Polymer Solubility and Solubility Parameter
Solubility parameters were initially developed to guide solvent selection in the paint and coatings industry. Today, they are widely used in in many other fields to predict miscibility and solubility of polymers, chemical resistance, and permeation rates.
One of the most important application of solubility parameters is
the prediction of polymer solubility in solvents. The closer the solubility parameters of the solute and
the solvent are, the more likely the solubility of the solute in the given
In the case of polymers, there are several rules of thumb for selecting suitable solvents:
Using Hildebrand solubility parameters, if the polymer (p) and the solvent (s) have similar polar and hydrogen bonding parameter, following simple rule applies:
|δs - δp| ≤ 3.6 MPa1/2
Using Hansen solubility parameters, an approximate spherical "volume" of solubility with radius R can be drawn up for each solute. Only solvents that have Hansen solubility parameters within this volume are likely to dissolve the polymer in question:
[4(δd2 - δd1)2 + (δp2 - δp1)2 + (δh2 - δh1)2]1/2 ≤ R
The interaction radius, R, depends on the type of polymer. The R values are usually in the range of 4 to 15 MPa1/2.
It is important to note that the higher the molecular weight of a polymer, the closer the solubility parameter of the solvent and polymer need to be to dissolve the polymer in the solvent. For linear and branched polymers, a plot of solubility versus solubility parameter for a range of solvents will peak when the (Hansen / Hildebrand) solubility parameters of the solute and solvent match. In the case of a cross-linked polymer, the swell volume, i.e. the solvent uptake, will peak when the solubility parameters of the solvent match those of the polymer.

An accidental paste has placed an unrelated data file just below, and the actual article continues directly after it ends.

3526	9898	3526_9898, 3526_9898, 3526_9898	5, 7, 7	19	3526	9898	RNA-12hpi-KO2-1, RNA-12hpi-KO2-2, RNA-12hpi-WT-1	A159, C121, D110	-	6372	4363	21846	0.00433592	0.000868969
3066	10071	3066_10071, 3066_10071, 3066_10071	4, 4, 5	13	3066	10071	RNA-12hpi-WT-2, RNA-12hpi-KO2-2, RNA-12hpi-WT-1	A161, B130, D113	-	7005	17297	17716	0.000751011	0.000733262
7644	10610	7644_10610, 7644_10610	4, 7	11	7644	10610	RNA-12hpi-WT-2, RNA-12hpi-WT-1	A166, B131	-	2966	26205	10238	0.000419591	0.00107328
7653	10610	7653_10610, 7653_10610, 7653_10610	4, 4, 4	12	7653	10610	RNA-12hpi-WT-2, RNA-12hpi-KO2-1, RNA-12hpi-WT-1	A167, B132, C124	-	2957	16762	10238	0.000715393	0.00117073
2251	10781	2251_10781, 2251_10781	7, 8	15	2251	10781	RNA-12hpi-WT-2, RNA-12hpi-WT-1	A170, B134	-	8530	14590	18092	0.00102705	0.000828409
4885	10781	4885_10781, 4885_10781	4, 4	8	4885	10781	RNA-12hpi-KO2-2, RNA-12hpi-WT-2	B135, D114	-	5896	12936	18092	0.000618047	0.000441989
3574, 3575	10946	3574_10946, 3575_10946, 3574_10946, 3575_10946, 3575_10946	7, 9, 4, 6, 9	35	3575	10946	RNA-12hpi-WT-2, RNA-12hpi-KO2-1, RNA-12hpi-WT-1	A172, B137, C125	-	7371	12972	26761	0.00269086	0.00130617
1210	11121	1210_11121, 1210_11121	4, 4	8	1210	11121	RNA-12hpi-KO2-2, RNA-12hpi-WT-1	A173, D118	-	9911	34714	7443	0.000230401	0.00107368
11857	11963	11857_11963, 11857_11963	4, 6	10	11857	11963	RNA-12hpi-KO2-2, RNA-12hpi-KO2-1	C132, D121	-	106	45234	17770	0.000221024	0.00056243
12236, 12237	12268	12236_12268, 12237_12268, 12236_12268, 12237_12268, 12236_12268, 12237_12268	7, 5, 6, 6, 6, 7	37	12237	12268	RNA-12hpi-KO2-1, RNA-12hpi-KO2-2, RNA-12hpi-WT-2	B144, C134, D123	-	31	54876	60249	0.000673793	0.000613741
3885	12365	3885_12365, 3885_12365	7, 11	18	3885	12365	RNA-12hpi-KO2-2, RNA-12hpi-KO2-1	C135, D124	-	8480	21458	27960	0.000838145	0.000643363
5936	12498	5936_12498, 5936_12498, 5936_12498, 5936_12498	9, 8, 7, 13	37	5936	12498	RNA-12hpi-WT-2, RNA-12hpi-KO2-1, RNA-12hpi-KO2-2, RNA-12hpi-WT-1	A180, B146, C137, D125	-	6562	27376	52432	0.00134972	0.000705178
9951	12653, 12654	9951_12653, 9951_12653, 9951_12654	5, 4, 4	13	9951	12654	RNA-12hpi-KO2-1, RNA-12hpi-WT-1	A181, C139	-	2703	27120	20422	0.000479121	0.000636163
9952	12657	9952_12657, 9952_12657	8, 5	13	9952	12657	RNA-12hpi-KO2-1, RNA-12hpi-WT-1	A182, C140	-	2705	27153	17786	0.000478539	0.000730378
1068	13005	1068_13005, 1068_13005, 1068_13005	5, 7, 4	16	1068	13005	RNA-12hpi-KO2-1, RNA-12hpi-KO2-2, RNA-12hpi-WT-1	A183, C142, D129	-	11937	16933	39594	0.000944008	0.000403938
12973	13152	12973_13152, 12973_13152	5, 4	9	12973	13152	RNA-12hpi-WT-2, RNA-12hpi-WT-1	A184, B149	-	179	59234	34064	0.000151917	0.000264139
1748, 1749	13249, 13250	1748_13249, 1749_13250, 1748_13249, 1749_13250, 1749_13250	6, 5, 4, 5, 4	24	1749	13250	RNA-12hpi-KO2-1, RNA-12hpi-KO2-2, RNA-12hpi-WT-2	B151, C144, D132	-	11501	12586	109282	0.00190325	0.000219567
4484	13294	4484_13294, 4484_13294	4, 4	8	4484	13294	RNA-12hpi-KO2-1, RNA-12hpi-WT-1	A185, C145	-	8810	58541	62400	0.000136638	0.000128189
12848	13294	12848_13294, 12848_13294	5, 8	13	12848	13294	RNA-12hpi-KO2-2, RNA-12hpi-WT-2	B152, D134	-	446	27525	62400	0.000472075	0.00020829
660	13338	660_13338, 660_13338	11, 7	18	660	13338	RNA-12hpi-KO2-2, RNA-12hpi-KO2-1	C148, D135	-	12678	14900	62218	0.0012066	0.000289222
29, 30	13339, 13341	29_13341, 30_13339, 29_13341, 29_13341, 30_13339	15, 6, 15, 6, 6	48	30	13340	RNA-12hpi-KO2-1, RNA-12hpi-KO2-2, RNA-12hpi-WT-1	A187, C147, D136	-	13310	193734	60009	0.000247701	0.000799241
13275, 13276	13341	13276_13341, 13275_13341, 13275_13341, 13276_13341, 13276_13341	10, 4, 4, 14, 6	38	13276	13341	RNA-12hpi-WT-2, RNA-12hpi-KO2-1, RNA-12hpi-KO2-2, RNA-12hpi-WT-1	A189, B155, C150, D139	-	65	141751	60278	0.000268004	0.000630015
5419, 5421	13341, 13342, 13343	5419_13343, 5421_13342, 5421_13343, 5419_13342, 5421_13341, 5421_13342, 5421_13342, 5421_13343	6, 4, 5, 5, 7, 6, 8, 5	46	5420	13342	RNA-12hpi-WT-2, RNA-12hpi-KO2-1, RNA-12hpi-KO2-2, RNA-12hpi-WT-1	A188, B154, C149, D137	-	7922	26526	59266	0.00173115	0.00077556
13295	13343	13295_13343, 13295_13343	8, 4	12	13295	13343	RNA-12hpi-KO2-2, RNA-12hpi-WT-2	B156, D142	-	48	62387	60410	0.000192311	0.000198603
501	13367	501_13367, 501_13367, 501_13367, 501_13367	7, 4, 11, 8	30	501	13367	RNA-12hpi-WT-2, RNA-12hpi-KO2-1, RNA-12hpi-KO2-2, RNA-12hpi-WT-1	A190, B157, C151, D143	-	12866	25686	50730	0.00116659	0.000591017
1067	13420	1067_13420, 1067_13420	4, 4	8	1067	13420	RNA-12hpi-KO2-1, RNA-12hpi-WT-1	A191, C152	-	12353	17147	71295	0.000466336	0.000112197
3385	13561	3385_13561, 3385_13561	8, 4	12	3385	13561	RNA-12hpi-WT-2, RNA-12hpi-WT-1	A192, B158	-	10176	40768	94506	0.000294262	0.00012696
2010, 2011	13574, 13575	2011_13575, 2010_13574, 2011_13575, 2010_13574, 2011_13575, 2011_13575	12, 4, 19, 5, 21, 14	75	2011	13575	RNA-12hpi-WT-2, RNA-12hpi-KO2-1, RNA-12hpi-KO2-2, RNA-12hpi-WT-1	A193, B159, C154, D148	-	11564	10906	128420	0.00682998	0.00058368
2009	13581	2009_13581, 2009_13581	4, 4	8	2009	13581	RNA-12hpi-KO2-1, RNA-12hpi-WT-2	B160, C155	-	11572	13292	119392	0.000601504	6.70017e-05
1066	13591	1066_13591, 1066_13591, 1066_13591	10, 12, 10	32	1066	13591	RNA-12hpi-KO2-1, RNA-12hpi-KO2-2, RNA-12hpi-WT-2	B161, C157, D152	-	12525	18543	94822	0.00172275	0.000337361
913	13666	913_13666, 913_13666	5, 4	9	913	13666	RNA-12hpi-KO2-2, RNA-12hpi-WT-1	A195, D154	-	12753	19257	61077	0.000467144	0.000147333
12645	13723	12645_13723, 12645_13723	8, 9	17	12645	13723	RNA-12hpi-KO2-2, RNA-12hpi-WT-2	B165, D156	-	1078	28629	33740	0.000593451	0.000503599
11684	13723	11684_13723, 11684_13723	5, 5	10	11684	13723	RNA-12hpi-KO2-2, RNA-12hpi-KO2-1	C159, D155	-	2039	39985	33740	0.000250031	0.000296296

As a general rule, the solubility parameters of polymers do not change much with temperature, whereas those of low molecular weight compounds often decrease noticeably with increasing temperature. In some cases, a solvent passes through soluble conditions to once more to become a non-solvent as the temperature increases.
For regular solutions1 in which intermolecular (specific) attractions are minimal and the solution diverges only moderately from the ideal solution*, the enthalpy of mixing can be estimated from the solubility parameters as proposed by Hildebrand and Scott:2
ΔH1,2 ≈ ΔU1,2 = φ1 φ2 (δ1 – δ2)2
where ΔU1,2 is the internal energy change of mixing per unit volume and φ1 and φ2 are the volume fractions of the solvent and the polymer in the mixture.
- The word regular implies that all molecules (or repeat units) mix in a completely random manner, that is, in a regular solution of composition φ1 and φ2, the probability that a neighbor of a given molecule is of species 1 is given by its volume fraction φ1 in the mixture.
- Note that this equation always predicts positive heats of mixing which is only true for regular solutions